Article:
Holy sheet! Laundering hospital linen fails to remove all C. diff

Only around 35% of the spores are removed in the process

It may be worth advising patients who are heading to hospital to bring their own sheets, based on new, stomach-churning research.

Current laundering practices are not enough to remove all traces of Clostridium difficile, which means patients may be contracting infectious diarrhoea from hospital linens, according to UK researchers.

Washing, drying and finishing naturally contaminated sheets to National Health Service standards in a commercial laundry only removes about 35% of C. difficile spores, they report in Infection Control and Hospital Epidemiology.

“This study provides the first estimate of the level of C. difficile spore contamination on a naturally contaminated sheet, which was surprisingly low considering the published estimate of spore shedding in [C. difficile infection] patients.

“The level of C. difficile spores present on the sheets before washing (51cfu/25cm2) was comparable to that found after washing (33cfu/25cm2)," the researchers write.

A second test — involving inoculated cotton sheets laundered in a simulated washer extractor, with and without detergent — also failed the microbiological standard of removing all pathogenic bacteria.

Even after being pummelled with industrial bleach detergent, sodium hypochlorite and peracetic acid, two strains of C. difficile remained.

Worse still, sterile fabric swatches placed in with the bacteria-laden sheets were contaminated with C. difficile spores during the laundering process.

This suggested that processing infected linen in commercial washer extractors could disseminate low levels of C. difficile spores and contribute to sporadic outbreaks of infection, the researchers said.

All the test washes used in the study reached 75°C and were held at more than 71°C for more than three minutes.

The same detergent was used in the commercial laundry and simulated washes.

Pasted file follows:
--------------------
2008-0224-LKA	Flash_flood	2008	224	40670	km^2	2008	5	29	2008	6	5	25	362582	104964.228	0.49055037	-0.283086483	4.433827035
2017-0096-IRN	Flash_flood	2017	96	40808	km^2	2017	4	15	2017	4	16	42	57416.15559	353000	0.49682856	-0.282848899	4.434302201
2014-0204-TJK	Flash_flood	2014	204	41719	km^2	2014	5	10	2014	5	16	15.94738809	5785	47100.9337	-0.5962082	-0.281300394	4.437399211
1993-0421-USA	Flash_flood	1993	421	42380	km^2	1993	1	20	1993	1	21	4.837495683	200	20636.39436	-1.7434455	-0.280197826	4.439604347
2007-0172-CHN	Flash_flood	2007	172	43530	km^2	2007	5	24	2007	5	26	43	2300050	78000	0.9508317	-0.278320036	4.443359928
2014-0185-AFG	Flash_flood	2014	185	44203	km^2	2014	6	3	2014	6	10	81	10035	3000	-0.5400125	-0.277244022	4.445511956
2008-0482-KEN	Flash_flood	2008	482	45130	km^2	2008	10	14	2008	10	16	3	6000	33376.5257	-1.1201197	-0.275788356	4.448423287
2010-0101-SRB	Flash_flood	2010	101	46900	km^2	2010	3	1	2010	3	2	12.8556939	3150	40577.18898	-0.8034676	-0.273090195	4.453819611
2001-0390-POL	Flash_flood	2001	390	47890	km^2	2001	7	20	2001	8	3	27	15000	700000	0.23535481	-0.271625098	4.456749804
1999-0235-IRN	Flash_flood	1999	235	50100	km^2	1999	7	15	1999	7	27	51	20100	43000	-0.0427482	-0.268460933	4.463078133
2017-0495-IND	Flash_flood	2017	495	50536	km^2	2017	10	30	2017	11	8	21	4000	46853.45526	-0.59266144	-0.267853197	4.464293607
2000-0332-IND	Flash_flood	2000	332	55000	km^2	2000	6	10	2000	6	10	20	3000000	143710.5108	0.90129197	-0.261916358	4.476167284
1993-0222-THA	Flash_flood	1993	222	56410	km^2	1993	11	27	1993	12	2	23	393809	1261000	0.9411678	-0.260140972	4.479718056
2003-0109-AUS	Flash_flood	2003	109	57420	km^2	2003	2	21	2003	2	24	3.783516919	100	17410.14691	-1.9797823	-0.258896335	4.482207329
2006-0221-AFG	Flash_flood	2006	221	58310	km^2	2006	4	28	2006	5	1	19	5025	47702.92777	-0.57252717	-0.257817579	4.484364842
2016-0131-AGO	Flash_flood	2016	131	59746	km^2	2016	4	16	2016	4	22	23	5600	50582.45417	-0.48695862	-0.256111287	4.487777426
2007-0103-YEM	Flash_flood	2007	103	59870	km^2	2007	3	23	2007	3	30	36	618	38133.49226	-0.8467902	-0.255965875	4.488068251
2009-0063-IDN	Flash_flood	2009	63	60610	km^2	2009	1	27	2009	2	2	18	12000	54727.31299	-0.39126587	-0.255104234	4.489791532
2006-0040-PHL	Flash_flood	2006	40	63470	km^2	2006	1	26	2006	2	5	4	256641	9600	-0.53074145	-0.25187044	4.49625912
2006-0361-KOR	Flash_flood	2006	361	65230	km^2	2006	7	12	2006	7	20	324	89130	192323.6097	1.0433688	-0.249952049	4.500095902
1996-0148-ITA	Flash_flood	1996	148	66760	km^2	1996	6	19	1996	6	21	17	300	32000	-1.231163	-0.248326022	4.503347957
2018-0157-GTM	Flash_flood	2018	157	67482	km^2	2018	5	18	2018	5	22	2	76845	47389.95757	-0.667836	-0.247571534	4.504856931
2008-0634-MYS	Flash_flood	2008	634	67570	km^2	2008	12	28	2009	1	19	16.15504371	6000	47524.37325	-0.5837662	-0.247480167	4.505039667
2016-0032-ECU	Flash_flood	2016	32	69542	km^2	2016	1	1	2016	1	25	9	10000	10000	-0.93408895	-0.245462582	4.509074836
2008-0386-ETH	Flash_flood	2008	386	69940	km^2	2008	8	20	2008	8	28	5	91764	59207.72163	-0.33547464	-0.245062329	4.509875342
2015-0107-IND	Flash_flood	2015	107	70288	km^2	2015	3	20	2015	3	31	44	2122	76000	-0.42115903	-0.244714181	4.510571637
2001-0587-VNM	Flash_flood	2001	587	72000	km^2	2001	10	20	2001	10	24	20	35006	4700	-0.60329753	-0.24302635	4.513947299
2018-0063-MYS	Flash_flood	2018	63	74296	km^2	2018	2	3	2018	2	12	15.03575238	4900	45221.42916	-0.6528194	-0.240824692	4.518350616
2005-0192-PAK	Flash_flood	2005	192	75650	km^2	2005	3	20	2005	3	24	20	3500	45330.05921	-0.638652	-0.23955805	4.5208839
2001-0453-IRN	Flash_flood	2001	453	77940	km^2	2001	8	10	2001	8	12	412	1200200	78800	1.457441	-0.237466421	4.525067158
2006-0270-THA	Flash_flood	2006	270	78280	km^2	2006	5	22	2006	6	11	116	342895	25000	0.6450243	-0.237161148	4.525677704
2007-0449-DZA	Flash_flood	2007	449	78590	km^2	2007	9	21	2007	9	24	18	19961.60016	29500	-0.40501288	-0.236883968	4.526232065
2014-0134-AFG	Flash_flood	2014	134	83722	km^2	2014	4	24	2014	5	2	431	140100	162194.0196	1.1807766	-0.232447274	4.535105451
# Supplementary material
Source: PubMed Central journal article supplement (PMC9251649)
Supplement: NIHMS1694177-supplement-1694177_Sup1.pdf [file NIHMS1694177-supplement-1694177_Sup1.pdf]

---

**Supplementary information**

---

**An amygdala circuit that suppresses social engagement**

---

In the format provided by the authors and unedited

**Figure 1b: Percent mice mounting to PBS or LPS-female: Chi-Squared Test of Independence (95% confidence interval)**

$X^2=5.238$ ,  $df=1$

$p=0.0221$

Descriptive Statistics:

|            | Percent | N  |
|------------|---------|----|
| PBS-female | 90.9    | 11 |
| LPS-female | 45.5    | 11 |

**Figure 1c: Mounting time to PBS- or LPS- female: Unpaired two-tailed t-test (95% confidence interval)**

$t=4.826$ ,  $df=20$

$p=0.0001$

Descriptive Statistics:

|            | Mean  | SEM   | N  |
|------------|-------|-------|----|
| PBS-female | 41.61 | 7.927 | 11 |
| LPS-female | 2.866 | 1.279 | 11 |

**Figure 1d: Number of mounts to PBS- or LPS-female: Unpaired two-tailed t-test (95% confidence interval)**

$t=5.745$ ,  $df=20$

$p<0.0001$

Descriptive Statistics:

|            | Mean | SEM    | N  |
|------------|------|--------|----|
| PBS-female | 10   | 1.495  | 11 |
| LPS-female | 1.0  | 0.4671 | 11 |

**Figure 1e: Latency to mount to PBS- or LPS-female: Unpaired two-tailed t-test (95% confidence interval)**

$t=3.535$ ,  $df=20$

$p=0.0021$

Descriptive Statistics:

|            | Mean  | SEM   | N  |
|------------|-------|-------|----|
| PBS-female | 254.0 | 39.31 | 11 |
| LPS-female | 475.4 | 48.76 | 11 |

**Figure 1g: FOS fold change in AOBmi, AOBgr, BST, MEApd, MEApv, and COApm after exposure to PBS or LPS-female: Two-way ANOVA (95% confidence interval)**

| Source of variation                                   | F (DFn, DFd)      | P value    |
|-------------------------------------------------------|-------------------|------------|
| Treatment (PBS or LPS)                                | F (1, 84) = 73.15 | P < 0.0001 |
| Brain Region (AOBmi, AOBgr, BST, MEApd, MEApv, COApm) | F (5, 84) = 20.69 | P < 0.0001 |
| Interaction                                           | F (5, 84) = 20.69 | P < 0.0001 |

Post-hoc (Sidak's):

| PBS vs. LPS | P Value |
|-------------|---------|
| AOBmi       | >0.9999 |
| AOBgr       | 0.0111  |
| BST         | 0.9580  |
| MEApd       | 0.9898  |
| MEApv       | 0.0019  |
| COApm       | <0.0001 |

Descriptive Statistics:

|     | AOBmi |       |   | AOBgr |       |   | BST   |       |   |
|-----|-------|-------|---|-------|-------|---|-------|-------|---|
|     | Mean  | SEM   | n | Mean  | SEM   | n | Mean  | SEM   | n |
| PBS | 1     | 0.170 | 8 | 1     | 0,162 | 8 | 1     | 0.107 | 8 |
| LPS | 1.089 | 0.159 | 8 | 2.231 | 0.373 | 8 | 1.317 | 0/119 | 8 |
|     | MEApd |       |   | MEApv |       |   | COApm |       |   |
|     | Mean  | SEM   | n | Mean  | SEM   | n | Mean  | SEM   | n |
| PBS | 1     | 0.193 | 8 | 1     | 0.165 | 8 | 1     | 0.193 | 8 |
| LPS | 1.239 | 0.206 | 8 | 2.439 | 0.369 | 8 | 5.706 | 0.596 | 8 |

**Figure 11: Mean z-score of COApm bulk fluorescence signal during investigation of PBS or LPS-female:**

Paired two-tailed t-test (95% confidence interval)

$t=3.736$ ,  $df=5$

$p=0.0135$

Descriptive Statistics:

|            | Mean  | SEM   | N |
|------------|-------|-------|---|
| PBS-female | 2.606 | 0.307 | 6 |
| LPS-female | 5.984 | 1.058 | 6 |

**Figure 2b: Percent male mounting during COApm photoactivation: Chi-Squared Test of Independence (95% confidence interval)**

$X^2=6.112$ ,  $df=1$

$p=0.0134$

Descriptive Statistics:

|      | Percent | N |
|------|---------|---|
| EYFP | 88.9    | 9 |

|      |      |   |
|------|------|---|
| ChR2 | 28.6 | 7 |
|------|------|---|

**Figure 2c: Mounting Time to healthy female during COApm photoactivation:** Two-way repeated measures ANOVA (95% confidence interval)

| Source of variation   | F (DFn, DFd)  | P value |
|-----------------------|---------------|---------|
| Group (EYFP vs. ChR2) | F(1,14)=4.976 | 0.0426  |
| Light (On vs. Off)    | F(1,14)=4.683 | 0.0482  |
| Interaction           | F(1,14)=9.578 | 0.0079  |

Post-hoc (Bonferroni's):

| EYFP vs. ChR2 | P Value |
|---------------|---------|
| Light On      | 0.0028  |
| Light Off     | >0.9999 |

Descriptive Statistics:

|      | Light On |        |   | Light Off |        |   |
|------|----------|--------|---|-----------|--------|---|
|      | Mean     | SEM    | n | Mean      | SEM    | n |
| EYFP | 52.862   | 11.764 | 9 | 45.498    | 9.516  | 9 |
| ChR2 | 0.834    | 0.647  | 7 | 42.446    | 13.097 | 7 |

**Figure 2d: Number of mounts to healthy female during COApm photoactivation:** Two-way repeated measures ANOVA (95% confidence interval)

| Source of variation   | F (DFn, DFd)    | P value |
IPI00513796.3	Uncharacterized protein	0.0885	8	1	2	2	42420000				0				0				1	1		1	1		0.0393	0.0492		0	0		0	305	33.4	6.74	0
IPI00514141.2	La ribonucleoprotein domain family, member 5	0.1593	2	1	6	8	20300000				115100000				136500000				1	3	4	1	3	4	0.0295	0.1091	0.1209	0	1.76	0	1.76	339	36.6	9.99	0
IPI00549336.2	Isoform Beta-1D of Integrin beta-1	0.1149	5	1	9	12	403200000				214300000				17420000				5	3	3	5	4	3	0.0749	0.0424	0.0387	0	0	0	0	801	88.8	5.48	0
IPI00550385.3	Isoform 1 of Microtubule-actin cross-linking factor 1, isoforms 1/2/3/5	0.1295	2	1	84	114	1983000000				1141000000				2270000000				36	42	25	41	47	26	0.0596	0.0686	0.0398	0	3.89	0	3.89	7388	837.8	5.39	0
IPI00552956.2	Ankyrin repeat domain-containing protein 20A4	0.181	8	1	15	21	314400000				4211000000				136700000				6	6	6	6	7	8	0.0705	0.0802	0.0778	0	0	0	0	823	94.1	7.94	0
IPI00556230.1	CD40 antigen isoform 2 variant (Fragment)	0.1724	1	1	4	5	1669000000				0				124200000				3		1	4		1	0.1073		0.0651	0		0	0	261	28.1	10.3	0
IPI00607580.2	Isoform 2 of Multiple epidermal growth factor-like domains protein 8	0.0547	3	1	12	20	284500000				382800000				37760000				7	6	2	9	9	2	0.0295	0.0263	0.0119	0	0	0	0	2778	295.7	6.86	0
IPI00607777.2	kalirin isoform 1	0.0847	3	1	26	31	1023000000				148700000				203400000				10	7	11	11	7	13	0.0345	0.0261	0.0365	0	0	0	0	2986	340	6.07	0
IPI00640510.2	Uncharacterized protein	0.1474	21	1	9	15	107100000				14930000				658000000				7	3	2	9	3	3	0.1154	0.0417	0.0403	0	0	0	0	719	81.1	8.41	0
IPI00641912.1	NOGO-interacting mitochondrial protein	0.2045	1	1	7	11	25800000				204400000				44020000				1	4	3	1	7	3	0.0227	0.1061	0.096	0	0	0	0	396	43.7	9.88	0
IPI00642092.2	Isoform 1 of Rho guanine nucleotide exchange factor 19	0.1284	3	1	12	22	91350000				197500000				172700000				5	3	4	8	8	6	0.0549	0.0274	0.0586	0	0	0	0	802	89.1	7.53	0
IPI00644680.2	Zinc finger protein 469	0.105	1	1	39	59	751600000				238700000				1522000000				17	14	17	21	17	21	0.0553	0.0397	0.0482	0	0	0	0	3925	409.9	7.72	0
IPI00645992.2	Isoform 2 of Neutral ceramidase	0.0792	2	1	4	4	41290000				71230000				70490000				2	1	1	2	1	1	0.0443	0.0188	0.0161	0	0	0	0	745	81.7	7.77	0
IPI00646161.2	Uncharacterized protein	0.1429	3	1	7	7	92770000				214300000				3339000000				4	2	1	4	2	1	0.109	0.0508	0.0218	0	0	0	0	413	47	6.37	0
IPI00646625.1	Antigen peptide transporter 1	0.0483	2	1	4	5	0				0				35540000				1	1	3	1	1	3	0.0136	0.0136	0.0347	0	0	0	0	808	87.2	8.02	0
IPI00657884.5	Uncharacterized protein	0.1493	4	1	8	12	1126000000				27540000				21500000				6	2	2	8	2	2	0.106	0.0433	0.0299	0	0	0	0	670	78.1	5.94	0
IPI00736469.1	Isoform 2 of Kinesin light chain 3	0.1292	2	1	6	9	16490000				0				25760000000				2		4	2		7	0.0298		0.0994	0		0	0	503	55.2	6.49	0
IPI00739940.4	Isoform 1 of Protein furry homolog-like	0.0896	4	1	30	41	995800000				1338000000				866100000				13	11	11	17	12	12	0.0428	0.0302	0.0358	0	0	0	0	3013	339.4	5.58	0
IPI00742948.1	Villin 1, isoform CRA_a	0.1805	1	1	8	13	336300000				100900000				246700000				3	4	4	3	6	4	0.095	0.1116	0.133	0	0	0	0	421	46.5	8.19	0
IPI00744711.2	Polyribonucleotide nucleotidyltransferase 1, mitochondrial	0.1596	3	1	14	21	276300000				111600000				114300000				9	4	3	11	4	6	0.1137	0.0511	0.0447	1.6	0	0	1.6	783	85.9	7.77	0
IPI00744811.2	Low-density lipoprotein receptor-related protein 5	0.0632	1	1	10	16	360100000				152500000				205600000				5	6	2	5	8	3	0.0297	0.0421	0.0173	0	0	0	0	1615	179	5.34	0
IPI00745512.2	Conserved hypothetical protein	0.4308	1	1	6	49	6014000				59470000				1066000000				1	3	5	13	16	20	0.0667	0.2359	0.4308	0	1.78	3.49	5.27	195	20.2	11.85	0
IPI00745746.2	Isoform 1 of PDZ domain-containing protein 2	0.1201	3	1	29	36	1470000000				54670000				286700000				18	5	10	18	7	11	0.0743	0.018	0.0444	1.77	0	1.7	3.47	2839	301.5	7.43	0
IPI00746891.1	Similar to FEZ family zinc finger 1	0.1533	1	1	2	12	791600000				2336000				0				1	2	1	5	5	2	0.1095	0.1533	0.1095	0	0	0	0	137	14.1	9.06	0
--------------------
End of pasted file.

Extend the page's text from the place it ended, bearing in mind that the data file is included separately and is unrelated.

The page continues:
The presence of C .difficile spores after laundering was confirmed by scanning electron microscopy.

Despite failing to completely eradicate the bacteria, adding detergent to the wash was found to be an important factor in significantly reducing the number of spores in the simulated washer extractor test.

Cross-contamination of sterile sheets laundered in the simulated washer extractor was much higher when detergent was not used.

However, in the commercial laundry test, adding detergent failed to make a significant difference to spore numbers, a surprising finding given the sheets were exposed to more high-temperature cycles than those in the simulated washes, the researchers wrote.

“The low levels of C. difficile spores surviving on laundered bed sheets may pose a transmission risk via hands touching the linen,” they said.

"The findings of this study may explain some sporadic outbreaks of C. difficile infections in hospitals from unknown sources; however, further research is required in order to establish the true burden of hospital bedsheets in such outbreaks," adds lead author Dr Katie Laird Head (PhD) of the Infectious Disease Research Group at De Montfort University’s School of Pharmacy in Leicester.

"Future research will assess the parameters required to remove C. difficile spores from textiles during the laundry process."

More information: Infection Control and Hospital Epidemiology 2018